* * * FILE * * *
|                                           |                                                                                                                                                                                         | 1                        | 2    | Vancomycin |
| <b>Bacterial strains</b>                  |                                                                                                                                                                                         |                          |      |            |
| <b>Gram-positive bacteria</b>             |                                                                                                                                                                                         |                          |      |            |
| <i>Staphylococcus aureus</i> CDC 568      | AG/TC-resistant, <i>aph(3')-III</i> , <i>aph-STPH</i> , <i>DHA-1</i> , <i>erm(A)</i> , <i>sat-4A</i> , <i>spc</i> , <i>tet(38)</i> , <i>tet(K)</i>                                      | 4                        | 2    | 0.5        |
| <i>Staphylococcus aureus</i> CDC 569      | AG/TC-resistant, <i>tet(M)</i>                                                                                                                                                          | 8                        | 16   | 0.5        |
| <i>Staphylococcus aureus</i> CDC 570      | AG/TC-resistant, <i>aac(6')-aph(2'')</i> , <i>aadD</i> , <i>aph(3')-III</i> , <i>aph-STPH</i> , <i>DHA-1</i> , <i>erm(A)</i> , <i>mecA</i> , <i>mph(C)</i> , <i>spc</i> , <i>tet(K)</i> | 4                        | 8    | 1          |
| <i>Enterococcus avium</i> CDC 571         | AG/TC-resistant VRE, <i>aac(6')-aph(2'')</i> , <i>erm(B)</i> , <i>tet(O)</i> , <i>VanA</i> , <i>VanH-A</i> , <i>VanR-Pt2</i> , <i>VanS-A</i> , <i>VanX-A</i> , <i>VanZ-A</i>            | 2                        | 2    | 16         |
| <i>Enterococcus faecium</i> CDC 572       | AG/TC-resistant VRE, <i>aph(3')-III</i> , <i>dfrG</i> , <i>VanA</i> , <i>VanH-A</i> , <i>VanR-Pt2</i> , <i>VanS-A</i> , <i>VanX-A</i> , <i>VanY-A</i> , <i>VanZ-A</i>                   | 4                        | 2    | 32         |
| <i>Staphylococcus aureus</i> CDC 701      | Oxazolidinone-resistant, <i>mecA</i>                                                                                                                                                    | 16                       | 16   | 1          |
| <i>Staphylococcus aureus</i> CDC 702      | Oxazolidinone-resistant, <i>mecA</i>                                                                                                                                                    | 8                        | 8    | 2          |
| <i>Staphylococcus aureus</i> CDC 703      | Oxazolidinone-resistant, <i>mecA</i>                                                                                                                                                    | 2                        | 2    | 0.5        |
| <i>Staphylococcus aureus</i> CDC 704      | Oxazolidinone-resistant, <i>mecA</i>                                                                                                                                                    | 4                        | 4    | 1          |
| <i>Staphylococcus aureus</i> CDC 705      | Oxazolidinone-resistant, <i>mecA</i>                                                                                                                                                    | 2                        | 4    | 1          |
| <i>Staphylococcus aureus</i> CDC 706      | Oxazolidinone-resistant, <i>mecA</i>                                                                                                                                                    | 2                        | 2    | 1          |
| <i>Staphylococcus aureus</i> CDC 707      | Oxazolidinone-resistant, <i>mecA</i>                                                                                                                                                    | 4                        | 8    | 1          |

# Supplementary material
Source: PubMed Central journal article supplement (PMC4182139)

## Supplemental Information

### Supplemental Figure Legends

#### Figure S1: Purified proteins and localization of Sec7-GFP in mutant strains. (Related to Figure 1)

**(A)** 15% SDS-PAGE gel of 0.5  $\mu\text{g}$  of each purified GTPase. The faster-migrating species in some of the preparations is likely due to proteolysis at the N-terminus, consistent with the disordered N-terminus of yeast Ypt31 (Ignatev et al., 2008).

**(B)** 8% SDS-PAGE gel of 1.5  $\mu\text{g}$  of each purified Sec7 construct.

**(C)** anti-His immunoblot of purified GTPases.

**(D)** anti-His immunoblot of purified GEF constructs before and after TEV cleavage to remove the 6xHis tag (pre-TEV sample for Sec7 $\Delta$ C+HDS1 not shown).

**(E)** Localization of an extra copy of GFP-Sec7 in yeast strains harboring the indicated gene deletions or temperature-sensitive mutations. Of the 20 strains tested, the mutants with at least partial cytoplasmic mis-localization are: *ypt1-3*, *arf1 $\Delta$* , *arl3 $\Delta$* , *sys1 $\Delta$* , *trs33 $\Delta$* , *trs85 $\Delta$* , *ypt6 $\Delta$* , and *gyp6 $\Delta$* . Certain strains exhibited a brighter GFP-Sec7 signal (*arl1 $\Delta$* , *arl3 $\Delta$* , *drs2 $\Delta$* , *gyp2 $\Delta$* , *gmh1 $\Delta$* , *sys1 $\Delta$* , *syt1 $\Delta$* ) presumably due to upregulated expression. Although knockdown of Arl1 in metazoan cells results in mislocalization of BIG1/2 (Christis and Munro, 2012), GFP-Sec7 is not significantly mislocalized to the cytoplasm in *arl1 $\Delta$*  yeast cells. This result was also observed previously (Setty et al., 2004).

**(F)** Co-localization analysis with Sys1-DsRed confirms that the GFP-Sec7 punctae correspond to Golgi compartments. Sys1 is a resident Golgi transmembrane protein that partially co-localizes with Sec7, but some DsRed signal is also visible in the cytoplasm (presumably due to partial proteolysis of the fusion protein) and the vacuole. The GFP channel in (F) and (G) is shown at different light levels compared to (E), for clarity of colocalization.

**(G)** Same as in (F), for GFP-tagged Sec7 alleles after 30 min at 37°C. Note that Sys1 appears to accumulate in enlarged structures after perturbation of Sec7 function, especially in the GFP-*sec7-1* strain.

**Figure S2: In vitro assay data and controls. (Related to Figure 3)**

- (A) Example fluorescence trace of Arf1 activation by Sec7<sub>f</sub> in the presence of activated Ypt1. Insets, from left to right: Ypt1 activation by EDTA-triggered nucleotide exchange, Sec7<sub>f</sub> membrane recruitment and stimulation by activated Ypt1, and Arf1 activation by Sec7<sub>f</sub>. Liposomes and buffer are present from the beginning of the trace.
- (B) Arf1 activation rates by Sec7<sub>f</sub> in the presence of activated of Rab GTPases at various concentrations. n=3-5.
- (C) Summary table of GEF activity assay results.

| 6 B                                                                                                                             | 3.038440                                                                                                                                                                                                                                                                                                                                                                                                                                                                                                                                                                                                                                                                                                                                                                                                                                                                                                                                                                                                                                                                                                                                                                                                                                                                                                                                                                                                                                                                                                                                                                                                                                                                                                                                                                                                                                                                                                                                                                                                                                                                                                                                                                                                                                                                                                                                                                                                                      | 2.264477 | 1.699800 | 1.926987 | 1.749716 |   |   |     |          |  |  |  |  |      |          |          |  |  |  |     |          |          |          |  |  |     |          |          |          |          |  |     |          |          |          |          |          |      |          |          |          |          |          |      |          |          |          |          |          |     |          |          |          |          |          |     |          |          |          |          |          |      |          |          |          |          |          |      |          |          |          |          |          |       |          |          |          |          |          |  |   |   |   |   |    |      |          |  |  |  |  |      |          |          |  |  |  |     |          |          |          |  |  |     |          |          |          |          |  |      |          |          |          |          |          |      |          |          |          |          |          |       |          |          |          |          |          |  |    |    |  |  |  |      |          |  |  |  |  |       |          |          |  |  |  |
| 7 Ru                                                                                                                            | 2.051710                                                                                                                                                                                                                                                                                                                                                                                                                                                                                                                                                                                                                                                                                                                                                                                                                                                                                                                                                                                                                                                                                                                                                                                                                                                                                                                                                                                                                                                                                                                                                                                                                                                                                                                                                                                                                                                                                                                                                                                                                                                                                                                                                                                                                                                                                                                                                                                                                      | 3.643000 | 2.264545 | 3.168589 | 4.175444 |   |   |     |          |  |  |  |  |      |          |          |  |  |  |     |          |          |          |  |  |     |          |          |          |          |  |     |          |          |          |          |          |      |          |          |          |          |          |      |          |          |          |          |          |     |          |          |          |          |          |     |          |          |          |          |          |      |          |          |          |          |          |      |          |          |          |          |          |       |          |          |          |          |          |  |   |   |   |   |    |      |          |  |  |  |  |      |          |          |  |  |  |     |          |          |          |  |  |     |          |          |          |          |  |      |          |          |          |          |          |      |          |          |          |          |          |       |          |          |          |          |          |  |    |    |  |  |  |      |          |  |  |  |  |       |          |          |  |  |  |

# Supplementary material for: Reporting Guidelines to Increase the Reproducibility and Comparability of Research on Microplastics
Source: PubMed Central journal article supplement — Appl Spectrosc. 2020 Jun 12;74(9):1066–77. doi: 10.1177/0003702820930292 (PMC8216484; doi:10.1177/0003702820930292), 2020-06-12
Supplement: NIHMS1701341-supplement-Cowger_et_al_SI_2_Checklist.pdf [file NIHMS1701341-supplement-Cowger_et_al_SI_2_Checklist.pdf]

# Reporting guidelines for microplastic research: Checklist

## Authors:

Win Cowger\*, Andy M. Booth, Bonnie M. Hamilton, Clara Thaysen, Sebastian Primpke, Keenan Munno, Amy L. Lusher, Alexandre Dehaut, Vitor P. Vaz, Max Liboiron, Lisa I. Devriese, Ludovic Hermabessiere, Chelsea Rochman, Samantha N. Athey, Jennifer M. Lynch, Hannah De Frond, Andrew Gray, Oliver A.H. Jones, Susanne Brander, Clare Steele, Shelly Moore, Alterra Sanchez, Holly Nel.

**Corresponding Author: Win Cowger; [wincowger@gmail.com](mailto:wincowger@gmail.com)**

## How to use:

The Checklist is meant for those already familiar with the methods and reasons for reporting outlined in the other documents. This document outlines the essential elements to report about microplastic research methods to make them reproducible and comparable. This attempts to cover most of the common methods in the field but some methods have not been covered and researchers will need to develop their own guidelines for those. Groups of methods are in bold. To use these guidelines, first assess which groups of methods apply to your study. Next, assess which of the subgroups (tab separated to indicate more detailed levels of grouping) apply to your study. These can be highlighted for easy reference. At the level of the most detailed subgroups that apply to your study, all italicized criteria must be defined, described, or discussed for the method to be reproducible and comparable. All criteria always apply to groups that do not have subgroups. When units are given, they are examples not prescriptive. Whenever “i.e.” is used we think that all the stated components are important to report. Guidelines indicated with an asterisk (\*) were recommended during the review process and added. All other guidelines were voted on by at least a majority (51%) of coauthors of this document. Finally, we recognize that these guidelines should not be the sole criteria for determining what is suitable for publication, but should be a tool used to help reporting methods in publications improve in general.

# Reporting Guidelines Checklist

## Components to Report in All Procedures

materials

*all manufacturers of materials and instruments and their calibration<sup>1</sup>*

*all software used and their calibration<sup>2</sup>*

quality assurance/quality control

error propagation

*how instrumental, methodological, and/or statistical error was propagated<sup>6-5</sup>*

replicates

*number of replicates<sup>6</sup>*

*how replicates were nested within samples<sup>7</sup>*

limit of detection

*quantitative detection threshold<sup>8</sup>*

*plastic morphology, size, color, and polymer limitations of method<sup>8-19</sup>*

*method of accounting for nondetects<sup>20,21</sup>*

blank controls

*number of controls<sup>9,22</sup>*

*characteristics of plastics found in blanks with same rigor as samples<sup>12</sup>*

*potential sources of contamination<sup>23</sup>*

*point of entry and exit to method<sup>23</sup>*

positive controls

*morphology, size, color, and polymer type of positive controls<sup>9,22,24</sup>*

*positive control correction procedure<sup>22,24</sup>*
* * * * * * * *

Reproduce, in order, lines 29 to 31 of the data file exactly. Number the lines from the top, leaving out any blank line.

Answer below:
- (A) Example fluorescence trace of Arf1 activation by Sec7<sub>f</sub> in the presence of activated Ypt1. Insets, from left to right: Ypt1 activation by EDTA-triggered nucleotide exchange, Sec7<sub>f</sub> membrane recruitment and stimulation by activated Ypt1, and Arf1 activation by Sec7<sub>f</sub>. Liposomes and buffer are present from the beginning of the trace.
- (B) Arf1 activation rates by Sec7<sub>f</sub> in the presence of activated of Rab GTPases at various concentrations. n=3-5.
- (C) Summary table of GEF activity assay results.